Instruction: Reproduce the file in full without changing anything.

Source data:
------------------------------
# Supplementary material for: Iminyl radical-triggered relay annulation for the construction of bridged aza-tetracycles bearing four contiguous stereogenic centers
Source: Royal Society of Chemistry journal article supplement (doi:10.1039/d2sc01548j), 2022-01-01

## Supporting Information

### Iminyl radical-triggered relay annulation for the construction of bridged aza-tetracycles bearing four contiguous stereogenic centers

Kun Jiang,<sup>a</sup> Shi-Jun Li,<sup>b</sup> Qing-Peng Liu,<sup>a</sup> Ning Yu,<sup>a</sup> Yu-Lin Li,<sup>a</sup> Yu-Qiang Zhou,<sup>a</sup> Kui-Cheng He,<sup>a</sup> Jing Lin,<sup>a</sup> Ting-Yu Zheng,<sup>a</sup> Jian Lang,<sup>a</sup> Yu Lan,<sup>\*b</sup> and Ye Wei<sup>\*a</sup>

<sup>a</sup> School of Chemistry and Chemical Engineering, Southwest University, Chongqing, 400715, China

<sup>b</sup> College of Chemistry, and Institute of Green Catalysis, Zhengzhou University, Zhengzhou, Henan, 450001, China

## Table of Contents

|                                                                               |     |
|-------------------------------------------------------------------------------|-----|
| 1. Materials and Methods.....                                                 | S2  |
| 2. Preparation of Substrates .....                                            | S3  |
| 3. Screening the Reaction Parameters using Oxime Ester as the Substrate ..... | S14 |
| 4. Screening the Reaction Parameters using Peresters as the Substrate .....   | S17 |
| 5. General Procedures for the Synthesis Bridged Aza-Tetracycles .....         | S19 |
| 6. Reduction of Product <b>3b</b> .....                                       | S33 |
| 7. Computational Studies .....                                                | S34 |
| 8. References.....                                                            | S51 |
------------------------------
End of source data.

# Supplementary material for: Iminyl radical-triggered relay annulation for the construction of bridged aza-tetracycles bearing four contiguous stereogenic centers
Source: Royal Society of Chemistry journal article supplement (doi:10.1039/d2sc01548j), 2022-01-01

## Supporting Information

### Iminyl radical-triggered relay annulation for the construction of bridged aza-tetracycles bearing four contiguous stereogenic centers

Kun Jiang,<sup>a</sup> Shi-Jun Li,<sup>b</sup> Qing-Peng Liu,<sup>a</sup> Ning Yu,<sup>a</sup> Yu-Lin Li,<sup>a</sup> Yu-Qiang Zhou,<sup>a</sup> Kui-Cheng He,<sup>a</sup> Jing Lin,<sup>a</sup> Ting-Yu Zheng,<sup>a</sup> Jian Lang,<sup>a</sup> Yu Lan,<sup>\*b</sup> and Ye Wei<sup>\*a</sup>

<sup>a</sup> School of Chemistry and Chemical Engineering, Southwest University, Chongqing, 400715, China

<sup>b</sup> College of Chemistry, and Institute of Green Catalysis, Zhengzhou University, Zhengzhou, Henan, 450001, China

## Table of Contents

|                                                                               |     |
|-------------------------------------------------------------------------------|-----|
| 1. Materials and Methods.....                                                 | S2  |
| 2. Preparation of Substrates .....                                            | S3  |
| 3. Screening the Reaction Parameters using Oxime Ester as the Substrate ..... | S14 |
| 4. Screening the Reaction Parameters using Peresters as the Substrate .....   | S17 |
| 5. General Procedures for the Synthesis Bridged Aza-Tetracycles .....         | S19 |
| 6. Reduction of Product <b>3b</b> .....                                       | S33 |
| 7. Computational Studies .....                                                | S34 |
| 8. References.....                                                            | S51 |